5 Tips for Building Online Communities Around Different Segments of Your Brand
The divide-and-conquer segmentation strategy isn't new when it comes to driving digital engagement and appealing to different audiences. Think Coke and Diet Coke.
However, segmentation is not just a strategy for big brands with big budgets. Focusing on different aspects of a brand and promoting them individually can offer rewards for brands of all sizes.
Most marketers are familiar with the idea of market segmentation - identifying different areas of a given market and targeting them in different ways. Brand segmentation is a way marketers can take that concept even further. By breaking individual aspects of a brand into segments, the organization is better equipped to address different pain points within the overall market.
A marketing agency provides a good example of how this strategy could be put into action. An agency might offer a laundry list of services, including SEO, PPC, reputation management, website design, website maintenance, content marketing, integrated advertising campaigns, and more.
Even though that marketing agency's target client might be, say, SMBs, each of those SMBs will be looking for a solution to a different pain point. The SMB owner looking to correct the nightmare of numerous bad online reviews experiences a different pain point than the SMB manager who desperately needs to update a circa 2008 website.
In this case, the agency can build a separate online presence around each pain point by executing multiple marketing campaigns simultaneously using different websites, Twitter accounts, online profiles, promotions, and so on.
Here's how to divide, conquer, and build communities online:
1. Build targeted personas
Building a successful multi-campaign approach is about more than simply regurgitating content using additional Twitter handles or new URLs. Just as you'd segment the audience for a primary product or service you'll need to segment audiences for the different aspects of your brand.
Consider demographic and behavioral information, but remember to factor in pain points as well.
2. Determine which segments will deliver the best ROI potential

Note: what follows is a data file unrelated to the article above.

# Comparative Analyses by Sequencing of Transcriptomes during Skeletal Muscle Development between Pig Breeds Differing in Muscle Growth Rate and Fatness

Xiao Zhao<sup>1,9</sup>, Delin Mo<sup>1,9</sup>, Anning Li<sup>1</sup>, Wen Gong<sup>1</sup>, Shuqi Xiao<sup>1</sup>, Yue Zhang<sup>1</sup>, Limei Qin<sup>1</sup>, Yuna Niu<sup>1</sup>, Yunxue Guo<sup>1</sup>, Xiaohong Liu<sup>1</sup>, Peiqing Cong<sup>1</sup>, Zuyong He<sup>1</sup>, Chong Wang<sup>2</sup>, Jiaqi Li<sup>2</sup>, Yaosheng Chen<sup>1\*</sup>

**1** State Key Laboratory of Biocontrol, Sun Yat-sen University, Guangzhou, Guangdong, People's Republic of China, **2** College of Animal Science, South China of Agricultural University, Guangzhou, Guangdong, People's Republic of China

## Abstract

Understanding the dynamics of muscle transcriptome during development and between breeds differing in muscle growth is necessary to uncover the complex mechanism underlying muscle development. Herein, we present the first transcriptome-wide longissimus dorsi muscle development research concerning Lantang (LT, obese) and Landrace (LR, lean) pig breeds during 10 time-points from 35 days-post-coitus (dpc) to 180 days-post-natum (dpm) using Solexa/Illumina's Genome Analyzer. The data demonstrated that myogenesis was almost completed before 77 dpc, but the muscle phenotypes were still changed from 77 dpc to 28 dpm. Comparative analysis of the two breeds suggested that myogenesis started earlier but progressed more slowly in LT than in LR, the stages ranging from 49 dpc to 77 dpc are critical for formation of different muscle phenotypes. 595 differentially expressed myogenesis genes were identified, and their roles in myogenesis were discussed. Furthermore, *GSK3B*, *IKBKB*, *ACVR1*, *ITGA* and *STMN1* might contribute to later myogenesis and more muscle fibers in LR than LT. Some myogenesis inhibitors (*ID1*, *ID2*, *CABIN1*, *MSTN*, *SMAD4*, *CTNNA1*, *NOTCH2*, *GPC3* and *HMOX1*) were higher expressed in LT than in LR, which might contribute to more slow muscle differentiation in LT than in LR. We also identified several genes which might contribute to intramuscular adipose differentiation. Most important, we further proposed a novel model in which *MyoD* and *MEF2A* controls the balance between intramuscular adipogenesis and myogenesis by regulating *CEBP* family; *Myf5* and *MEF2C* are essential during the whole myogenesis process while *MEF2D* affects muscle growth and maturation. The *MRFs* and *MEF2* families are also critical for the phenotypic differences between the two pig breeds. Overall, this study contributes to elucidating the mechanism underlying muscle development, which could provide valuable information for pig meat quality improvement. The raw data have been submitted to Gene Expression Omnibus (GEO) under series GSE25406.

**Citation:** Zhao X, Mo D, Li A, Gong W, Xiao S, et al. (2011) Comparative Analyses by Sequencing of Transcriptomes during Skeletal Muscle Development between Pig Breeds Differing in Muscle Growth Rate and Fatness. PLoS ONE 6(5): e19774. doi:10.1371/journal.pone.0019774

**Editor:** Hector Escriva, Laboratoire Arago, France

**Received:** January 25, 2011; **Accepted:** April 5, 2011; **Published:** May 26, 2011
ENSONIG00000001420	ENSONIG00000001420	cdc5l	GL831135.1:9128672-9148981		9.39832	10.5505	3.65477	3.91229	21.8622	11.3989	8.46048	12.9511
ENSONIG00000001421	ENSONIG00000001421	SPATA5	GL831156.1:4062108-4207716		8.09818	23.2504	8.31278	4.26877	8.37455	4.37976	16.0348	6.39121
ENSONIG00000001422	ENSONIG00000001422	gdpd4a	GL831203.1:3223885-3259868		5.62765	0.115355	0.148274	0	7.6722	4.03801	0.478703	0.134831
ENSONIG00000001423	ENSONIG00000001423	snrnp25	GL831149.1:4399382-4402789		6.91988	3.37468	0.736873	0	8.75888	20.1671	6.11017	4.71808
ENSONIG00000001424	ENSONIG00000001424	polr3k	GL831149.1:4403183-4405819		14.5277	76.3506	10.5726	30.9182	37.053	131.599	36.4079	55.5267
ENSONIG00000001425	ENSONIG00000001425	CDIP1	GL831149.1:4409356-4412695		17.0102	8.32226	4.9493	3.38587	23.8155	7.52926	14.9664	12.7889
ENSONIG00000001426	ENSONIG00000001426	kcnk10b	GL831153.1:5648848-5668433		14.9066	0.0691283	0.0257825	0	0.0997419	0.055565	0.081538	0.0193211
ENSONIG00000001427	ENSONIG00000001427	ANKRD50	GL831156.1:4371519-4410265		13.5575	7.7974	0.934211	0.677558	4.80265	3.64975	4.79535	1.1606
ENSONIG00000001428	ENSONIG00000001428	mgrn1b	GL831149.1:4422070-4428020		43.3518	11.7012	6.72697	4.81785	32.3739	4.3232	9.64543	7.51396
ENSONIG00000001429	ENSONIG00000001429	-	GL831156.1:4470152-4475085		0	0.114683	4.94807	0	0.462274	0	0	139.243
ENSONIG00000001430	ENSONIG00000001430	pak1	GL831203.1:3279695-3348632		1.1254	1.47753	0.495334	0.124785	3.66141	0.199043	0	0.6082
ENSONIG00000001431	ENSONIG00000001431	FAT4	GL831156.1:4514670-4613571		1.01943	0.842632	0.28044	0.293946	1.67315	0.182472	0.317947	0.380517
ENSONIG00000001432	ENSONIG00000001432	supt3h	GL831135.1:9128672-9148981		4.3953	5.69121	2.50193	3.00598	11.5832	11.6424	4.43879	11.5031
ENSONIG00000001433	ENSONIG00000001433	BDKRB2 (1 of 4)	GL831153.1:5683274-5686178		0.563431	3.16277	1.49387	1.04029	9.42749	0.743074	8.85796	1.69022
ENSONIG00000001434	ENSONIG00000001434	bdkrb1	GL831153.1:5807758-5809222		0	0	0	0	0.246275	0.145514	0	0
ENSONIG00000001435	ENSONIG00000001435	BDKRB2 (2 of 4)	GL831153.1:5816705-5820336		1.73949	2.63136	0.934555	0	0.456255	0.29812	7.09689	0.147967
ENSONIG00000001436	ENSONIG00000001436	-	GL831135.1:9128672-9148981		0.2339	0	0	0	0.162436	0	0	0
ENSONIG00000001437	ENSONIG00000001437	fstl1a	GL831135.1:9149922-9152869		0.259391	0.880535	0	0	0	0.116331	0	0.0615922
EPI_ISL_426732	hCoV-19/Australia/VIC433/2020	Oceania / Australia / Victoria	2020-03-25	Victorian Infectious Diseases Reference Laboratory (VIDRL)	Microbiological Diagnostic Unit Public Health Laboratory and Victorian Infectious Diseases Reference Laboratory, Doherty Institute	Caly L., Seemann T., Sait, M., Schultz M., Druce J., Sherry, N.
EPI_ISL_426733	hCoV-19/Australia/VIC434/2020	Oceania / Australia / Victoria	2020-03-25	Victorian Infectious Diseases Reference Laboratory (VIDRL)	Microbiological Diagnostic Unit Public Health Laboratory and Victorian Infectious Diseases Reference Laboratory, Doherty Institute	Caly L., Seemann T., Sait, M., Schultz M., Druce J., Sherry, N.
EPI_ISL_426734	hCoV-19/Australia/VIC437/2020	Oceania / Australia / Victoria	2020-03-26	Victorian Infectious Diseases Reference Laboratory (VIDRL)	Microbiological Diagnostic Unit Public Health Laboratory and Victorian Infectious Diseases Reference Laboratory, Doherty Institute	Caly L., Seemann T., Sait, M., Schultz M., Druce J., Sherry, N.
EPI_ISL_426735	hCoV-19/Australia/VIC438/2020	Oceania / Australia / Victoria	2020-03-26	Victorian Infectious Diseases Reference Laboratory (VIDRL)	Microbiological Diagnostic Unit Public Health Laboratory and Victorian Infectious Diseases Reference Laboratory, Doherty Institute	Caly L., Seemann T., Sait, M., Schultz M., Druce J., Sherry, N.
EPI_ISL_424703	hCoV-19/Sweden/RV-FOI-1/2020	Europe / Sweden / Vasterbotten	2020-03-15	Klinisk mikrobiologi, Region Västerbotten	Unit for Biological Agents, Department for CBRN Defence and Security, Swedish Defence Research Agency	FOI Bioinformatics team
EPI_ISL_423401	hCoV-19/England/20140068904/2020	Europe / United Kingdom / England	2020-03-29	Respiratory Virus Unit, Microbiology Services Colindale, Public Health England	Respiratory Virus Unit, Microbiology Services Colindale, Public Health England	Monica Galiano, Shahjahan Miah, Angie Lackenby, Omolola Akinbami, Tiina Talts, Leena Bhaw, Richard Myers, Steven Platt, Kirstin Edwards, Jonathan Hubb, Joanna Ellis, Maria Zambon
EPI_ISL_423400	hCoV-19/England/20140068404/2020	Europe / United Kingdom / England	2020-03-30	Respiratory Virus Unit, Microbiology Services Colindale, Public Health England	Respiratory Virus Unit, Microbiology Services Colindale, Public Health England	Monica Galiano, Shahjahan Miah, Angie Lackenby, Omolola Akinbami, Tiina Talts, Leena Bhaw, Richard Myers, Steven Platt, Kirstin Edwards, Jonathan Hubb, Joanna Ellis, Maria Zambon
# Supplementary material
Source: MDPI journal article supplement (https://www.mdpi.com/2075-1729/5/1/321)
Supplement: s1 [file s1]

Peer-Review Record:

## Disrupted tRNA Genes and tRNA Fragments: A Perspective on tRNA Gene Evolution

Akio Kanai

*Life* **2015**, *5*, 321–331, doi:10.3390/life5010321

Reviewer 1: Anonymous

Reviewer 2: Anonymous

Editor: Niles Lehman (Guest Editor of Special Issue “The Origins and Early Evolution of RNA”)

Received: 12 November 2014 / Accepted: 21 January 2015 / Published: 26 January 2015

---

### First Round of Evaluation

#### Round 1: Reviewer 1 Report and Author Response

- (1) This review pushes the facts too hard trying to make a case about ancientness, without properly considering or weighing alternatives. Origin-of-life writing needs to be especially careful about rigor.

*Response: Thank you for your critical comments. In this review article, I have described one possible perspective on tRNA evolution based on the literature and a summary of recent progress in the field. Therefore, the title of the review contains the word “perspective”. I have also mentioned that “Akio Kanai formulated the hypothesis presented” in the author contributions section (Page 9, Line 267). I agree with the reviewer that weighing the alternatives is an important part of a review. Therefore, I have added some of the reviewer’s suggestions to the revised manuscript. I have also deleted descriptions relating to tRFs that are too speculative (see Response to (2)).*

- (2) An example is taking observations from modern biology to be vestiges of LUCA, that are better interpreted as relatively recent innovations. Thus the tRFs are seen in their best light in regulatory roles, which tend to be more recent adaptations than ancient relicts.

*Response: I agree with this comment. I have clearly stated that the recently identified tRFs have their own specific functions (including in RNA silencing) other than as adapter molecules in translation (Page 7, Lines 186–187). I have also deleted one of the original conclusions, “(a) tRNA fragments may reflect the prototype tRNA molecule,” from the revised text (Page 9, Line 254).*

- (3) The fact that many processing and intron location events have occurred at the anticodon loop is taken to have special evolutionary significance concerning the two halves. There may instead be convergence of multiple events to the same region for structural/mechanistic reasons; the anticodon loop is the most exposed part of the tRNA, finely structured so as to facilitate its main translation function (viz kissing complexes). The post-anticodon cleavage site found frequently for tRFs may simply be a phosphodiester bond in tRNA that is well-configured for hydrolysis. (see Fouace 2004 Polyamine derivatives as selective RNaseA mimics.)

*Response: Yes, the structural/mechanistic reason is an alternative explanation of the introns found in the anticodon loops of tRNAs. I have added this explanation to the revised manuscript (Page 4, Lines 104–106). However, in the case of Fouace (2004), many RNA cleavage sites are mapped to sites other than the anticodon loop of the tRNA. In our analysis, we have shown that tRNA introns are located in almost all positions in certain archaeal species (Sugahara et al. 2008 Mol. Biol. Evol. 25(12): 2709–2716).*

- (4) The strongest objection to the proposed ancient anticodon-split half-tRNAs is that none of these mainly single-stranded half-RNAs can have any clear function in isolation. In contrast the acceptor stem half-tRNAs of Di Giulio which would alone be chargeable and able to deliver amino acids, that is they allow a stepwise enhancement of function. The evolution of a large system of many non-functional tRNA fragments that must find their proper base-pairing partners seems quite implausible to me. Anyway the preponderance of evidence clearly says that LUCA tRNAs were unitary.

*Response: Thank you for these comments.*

It's a fact of business life that resources are limited, so it often makes no sense to break down every potential segment for your brand. Instead, consider which aspects of your company offer the highest potential for meeting business goals.
For example, you may find it makes sense to build marketing campaigns around only two or three segments.
3. Segment with purpose
Segmenting a corporate brand can also enable the organization to run trial balloons for new ideas and concepts and to explore new markets.
Beverage companies do this from time to time, with new energy drinks or flavors they want to build a following around.
Coke Zero is a good example of a segmented marketing campaign targeting a very specific demographic: men who associate diet drinks with women. It has its own website and social media identities, and it prompts visitors to "join the conversation." Likewise, its tone is vastly different (and more provocative) than that of the brand's primary product.
Maybe mining new markets isn't as important to you as attracting top talent. This may be particularly true if you're ready to launch a new line or service or are in the throes of exponential growth. In that situation, it might be worth investing in a marketing campaign built around recruitment. Building a "careers" segment of your brand can help attract the eye of plugged-in prospects.
4. Segment for recruitment
To see a good recruitment campaign at work, check out Life At Google. It's a robust, engaging segment of the Google website dedicated to recruitment. The title of the campaign illustrates quite clearly the type of candidate Google is hoping to attract: "Bring questions. Build answers". Best of all, it begs its target audience to start a discussion.
Google also connects with its audience through individual Google Plus, Facebook and Twitter accounts that share relevant content, such as tech meet-up pics, resume tips, and Women's Equality Day messages. When viewed all together, the campaign paints a clear portrait of the company's culture - a portrait specifically designed to attract tech's best and brightest.
These are, of course, examples from large companies with many diverse divisions and nearly unlimited marketing resources. However, the concept they're employing is relatively straightforward: Segment. Build. Promote. Engage.
5. Segment, but retain consistency
It's called "consistency of brand". While messages vary from segment to segment, it's important to maintain a consistent look across channels and platforms.
For example, if you're deploying separate Twitter handles, try to use the same base term for each one and then customize for the segment at the end of the handle - it might look like this: @Web1Reputation, @Web1Design, and @Web1Talent.
Brands able to execute this multi-segment approach to marketing will empower themselves to grow relationships, brand loyalty, and profit.
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